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How can we stop solar flares knocking out driverless cars, GPS systems and the internet itself?

This NASA image obtained November 6, 2014 shows an active region on the sun as it emitted a mid-level solar flare.
This NASA image obtained November 6, 2014 shows an active region on the sun as it emitted a mid-level solar flare. Copyright AFP PHOTO HANDOUT-NASA/SDO
By Reuters
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A team of UK researchers are testing ways to shield electronics from solar radiation which could scramble the binary code that the smooth functioning of our digital world depends on.


The scenario may seem far-fetched, but the possibility of radiation from the sun affecting electronic systems on Earth becomes ever more likely as digital systems get smaller and smaller.

Now, researchers in Harwell, west of London, are trying to work out the exact impact of solar radiation on digital electronics by simulating particles hitting circuitry and monitoring the effects.

“Cosmic rays create, down at ground level, neutrons, high-energy neutrons and they have energy across a whole energy band, and we simulate that spectrum of neutrons that exist down at ground level but about 1.5 billion times more intense,” Doctor Christopher Frost told Reuters, standing near the end of the beamline at the ISIS Neutron and Muon particle accelerator.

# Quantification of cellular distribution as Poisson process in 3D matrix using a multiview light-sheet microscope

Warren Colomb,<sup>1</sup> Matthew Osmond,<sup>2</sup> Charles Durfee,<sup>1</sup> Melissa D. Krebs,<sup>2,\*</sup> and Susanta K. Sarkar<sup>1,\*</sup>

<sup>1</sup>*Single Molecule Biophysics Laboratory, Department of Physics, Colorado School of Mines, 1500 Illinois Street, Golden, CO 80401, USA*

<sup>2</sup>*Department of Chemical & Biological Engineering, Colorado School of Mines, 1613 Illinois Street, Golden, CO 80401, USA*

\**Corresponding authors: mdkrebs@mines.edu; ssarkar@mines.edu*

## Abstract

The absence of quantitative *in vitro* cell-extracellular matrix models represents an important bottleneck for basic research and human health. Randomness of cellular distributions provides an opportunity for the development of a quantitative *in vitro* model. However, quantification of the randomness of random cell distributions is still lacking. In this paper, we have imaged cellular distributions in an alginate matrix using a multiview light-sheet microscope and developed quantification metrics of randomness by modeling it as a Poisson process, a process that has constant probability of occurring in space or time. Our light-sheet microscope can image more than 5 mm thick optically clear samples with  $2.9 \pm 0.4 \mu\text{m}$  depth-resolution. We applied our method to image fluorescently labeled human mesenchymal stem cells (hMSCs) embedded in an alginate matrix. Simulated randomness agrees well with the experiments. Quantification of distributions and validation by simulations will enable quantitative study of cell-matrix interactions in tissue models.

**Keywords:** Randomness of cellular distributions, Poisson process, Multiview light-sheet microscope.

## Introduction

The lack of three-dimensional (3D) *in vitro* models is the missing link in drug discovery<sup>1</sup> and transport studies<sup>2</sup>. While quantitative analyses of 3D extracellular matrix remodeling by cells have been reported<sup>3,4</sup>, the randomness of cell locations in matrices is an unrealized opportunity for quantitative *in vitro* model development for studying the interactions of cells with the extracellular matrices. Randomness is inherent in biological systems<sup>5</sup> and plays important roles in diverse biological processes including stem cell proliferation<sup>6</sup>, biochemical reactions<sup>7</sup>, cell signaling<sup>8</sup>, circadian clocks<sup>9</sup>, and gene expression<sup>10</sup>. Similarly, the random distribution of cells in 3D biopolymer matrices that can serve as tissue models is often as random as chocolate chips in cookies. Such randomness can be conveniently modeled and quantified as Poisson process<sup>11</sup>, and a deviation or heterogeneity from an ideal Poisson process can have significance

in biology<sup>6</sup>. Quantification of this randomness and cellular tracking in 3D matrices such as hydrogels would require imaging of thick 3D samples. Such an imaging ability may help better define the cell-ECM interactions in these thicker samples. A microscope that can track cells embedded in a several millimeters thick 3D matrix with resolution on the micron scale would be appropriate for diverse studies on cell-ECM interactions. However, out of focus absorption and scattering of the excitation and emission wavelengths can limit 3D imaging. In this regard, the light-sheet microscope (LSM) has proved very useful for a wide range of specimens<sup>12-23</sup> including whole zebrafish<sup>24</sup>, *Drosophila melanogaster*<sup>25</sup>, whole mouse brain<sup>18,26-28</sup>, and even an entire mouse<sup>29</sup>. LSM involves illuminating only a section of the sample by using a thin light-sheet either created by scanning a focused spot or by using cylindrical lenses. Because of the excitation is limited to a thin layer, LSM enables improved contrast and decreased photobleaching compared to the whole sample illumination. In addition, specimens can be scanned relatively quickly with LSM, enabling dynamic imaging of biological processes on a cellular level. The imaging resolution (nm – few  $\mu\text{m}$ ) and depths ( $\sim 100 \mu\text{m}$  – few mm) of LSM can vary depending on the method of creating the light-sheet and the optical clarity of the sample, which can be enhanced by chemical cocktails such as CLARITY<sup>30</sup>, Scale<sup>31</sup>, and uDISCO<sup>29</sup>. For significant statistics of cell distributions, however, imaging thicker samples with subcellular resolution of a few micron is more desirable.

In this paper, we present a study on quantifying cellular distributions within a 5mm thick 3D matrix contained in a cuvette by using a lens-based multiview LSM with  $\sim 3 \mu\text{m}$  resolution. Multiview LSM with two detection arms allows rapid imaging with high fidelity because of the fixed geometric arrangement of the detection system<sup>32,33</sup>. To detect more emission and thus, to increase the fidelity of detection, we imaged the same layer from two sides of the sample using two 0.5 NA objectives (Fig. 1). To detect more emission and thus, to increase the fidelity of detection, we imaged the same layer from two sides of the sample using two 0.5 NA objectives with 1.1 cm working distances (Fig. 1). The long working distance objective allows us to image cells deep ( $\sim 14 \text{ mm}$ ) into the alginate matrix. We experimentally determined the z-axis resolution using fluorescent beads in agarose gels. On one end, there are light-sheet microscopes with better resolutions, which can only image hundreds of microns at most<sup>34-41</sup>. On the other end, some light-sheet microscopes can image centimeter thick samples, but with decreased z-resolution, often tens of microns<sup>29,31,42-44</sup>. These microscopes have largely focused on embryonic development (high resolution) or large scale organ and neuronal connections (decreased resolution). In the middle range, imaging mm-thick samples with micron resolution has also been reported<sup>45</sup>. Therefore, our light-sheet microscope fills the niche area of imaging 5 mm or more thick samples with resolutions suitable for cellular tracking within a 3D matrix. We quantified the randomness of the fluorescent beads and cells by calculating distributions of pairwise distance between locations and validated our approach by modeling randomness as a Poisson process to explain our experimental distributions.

The spikes in radiation caused by solar flares happen almost annually and cause ‘bit flips’ in computer memories, where zeros or ones can be interchanged in the binary code that is critical to the running of every digital device.

“Everything in our digital world is stored by ones and zeros so we clearly don’t want them changing,” Frost said.

Graphics processing units are one area of particular concern when they are used in autonomous cars to process what the car can ‘see’ around it, most importantly, to distinguish between objects, such as people and other cars

“We’ve tested graphical processor units here, and what we’re trying to do is to work out where the problems are, and to allow industry then to find solutions to those problems,” Frost said.

NVIDIA and ARM are just two of the companies who have used the ChipIr instrument to try to make their software more able to cope if or when the next solar super-storm occurs.

“There’s been a lot in the press over the years about solar flares and a lot of doomsday scenarios, but our job is to make sure that you don’t worry about it. Our job is actually for you almost not to notice our work because what we do is to put the solutions in place so, should there be solar flares, then we’ve got the systems that are resilient enough to them,” said Frost.

For more on this story, watch the video in the media player above.

Video editor • Aisling Ní Chúláin

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